High-action coverage is another scenario that this kit uniquely lends itself to. Let’s look at golf coverage: The typical course is far too big to completely cable up with cameras. Most footage focuses on a single hole and the players passing by, judging their performance on that single hole. However, suppose you want to make that critical difference to your show and follow a particular player around the course live. This is when a roving camera operator—one who is not tied to video, power, or transmission cables—comes into his or her own. A camera person with a bag of batteries, a camera, and a cellular multiplexer can shoot live every stroke of that chosen player’s game and send the signal back to the studio, providing unique coverage hitherto impossible.
The scenarios are as varied as camera shots. And now, with no limitation to being tethered to an uplink, the location of your live-to-air shoot is limited only by the availability of cell phone networks.
The Challenge of Comparison
There are several products in the market; I started writing this article to look at three of them and compare their features side by side.
During the course of collating the data, however, it became apparent that not only is objective comparison quite tricky without removing all the unique selling points—skewing the results in many ways—but also the environment in which they could be tested is a moving target: Given that the performance of these technologies is undeniably prone to variation in the quality and availability of the cell phone network signal, a rigid benchmark attempting to compare like with like could misconstrue performance quite badly.
Indeed, “getting all the models in one place and testing them with the same video source” sounds like the logical bench test. However, there is a complication. These models would, in that scenario, all contend with each other on the local cellular networks. So while one may perform fantastically and another may perform poorly, it could be down to factors such as session priority allocated to the devices based on which started its session milliseconds before the others.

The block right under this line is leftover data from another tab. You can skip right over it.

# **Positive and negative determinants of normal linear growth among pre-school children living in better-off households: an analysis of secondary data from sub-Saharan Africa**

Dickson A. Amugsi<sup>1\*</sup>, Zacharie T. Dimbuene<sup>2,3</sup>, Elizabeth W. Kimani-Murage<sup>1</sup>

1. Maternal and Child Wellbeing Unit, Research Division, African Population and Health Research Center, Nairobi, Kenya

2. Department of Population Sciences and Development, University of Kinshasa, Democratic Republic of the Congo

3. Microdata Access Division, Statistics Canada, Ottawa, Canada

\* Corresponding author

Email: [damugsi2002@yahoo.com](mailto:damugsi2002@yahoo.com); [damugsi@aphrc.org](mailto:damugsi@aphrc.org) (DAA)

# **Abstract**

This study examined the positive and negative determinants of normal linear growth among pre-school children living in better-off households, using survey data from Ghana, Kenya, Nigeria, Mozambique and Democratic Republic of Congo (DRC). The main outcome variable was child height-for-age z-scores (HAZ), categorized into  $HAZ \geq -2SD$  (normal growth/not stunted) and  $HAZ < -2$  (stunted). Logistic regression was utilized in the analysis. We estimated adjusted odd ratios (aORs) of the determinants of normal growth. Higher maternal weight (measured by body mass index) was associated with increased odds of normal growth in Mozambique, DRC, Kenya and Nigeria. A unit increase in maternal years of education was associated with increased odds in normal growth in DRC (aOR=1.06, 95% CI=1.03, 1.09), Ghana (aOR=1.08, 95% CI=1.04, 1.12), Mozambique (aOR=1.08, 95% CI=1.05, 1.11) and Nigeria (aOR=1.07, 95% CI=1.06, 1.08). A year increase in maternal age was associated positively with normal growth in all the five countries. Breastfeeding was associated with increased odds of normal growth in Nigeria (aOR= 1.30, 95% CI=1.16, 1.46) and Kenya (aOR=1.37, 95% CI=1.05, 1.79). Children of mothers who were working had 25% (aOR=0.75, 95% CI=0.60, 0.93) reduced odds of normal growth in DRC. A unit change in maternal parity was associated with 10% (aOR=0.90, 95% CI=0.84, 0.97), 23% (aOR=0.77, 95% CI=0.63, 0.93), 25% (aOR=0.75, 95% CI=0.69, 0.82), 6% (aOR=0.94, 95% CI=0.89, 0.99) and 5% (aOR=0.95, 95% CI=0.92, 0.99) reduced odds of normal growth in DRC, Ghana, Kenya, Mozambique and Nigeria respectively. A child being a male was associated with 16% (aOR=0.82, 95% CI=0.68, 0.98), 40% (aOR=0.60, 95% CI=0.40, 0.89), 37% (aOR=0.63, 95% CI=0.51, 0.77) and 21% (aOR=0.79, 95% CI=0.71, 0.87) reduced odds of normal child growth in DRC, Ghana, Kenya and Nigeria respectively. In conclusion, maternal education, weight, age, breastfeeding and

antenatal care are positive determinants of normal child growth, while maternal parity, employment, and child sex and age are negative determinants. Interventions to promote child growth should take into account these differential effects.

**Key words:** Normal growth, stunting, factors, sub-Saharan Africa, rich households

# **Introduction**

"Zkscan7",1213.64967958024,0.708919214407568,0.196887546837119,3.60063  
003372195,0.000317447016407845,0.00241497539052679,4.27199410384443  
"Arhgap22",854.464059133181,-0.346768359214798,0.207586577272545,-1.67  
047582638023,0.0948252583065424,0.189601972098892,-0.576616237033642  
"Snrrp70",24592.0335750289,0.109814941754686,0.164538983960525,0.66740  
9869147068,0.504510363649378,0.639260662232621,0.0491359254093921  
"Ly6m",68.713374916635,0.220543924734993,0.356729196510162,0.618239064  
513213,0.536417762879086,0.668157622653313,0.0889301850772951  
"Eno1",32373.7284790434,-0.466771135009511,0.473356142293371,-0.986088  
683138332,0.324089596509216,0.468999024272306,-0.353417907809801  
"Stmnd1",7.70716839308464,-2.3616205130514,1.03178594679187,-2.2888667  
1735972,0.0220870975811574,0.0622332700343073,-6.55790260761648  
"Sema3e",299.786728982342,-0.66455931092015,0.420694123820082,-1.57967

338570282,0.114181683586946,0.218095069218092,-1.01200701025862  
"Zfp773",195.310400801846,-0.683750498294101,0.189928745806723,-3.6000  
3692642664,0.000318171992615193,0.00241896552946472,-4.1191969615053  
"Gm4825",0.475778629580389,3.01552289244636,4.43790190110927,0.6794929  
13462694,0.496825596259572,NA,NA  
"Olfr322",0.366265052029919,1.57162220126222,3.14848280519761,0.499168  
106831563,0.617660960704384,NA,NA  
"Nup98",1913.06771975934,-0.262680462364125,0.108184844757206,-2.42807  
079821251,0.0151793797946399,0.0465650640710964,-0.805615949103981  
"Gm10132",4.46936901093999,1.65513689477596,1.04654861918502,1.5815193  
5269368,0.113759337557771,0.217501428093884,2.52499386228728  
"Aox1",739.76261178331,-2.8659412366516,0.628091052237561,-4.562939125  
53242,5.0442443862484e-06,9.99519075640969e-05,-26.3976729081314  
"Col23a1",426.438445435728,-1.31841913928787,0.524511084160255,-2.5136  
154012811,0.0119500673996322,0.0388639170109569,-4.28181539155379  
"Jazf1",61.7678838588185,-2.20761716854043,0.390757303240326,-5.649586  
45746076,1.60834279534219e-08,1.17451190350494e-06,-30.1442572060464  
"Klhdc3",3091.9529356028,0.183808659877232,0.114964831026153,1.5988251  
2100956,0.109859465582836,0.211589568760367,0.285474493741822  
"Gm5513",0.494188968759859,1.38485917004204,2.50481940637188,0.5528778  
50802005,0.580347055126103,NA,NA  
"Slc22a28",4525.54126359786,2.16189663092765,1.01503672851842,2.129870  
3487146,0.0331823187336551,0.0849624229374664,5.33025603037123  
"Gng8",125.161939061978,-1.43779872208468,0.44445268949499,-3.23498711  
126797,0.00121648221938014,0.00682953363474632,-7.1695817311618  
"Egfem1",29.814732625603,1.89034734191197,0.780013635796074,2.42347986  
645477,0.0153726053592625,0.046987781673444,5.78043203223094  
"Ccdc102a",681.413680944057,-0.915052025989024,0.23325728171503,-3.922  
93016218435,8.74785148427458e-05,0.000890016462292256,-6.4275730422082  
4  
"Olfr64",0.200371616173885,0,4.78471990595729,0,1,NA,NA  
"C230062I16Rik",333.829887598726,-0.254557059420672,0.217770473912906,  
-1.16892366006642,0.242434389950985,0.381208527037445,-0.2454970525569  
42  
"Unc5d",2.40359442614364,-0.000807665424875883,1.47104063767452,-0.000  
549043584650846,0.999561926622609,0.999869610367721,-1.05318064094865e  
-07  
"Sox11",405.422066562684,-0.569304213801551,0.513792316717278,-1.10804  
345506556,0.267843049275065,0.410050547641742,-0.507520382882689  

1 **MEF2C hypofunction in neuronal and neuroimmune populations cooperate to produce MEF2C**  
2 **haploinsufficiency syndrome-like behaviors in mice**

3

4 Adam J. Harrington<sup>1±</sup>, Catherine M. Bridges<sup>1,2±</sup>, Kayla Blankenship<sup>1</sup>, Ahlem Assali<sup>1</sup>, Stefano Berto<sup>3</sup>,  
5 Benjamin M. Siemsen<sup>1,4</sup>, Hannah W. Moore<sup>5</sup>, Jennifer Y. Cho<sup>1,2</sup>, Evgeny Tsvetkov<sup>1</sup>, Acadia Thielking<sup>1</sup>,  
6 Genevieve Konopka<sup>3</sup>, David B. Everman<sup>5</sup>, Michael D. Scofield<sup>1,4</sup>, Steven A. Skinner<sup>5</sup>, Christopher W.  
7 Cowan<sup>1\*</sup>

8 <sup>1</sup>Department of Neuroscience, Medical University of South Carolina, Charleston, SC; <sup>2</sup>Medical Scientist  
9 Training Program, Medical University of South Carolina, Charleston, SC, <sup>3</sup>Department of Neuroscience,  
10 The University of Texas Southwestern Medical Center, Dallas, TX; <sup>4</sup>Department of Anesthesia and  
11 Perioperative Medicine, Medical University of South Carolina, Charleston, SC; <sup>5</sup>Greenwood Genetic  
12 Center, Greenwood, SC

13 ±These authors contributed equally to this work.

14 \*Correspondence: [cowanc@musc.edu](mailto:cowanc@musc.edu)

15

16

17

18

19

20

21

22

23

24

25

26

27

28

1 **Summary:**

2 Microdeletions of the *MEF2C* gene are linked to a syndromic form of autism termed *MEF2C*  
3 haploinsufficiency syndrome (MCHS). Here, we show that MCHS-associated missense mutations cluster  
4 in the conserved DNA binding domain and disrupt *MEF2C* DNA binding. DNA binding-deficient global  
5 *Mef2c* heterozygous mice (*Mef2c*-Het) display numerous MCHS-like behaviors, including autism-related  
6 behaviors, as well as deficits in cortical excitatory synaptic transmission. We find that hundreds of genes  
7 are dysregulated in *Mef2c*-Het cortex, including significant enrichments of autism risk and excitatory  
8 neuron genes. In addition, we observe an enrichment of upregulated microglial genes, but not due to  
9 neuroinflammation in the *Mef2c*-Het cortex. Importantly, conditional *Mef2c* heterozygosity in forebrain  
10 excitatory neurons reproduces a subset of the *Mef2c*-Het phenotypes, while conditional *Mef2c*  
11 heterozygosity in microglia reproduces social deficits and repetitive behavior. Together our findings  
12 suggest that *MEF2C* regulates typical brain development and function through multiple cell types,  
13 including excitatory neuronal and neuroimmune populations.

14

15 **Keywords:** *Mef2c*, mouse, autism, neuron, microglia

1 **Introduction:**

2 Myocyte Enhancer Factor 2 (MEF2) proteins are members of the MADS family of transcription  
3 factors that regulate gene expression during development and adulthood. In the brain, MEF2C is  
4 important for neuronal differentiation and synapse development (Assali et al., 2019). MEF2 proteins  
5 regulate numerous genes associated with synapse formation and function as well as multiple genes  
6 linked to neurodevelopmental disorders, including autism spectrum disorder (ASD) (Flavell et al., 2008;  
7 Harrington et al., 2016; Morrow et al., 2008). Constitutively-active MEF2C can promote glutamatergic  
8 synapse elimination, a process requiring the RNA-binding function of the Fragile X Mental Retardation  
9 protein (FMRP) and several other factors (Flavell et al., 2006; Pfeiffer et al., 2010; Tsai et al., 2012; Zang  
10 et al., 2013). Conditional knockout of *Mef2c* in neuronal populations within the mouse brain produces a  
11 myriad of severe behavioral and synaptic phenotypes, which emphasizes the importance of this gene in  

So for the research for this article, I ran into some technical challenges trying to equate the testing I wanted to perform, and the vendors were rightly concerned that factors beyond their control could reflect badly on their technologies.
This is an interesting situation: For a reader in the broadcast space who is used to technology that is designed to provide the same quality of service and with 100% reliability, this “best effort” angle that these IP-based technologies represent must seem alien. However, when one looks at the limitations of when and from where 100% reliable “broadcast” technology must be operated, one understands that in today’s streaming-enabled world, quality is not always first priority. The maxim “any signal is better than no signal” comes into play.
That said, for a technical benchmark, it has proven to be a bit of a headache. Trying to quantise a moving landscape is tough.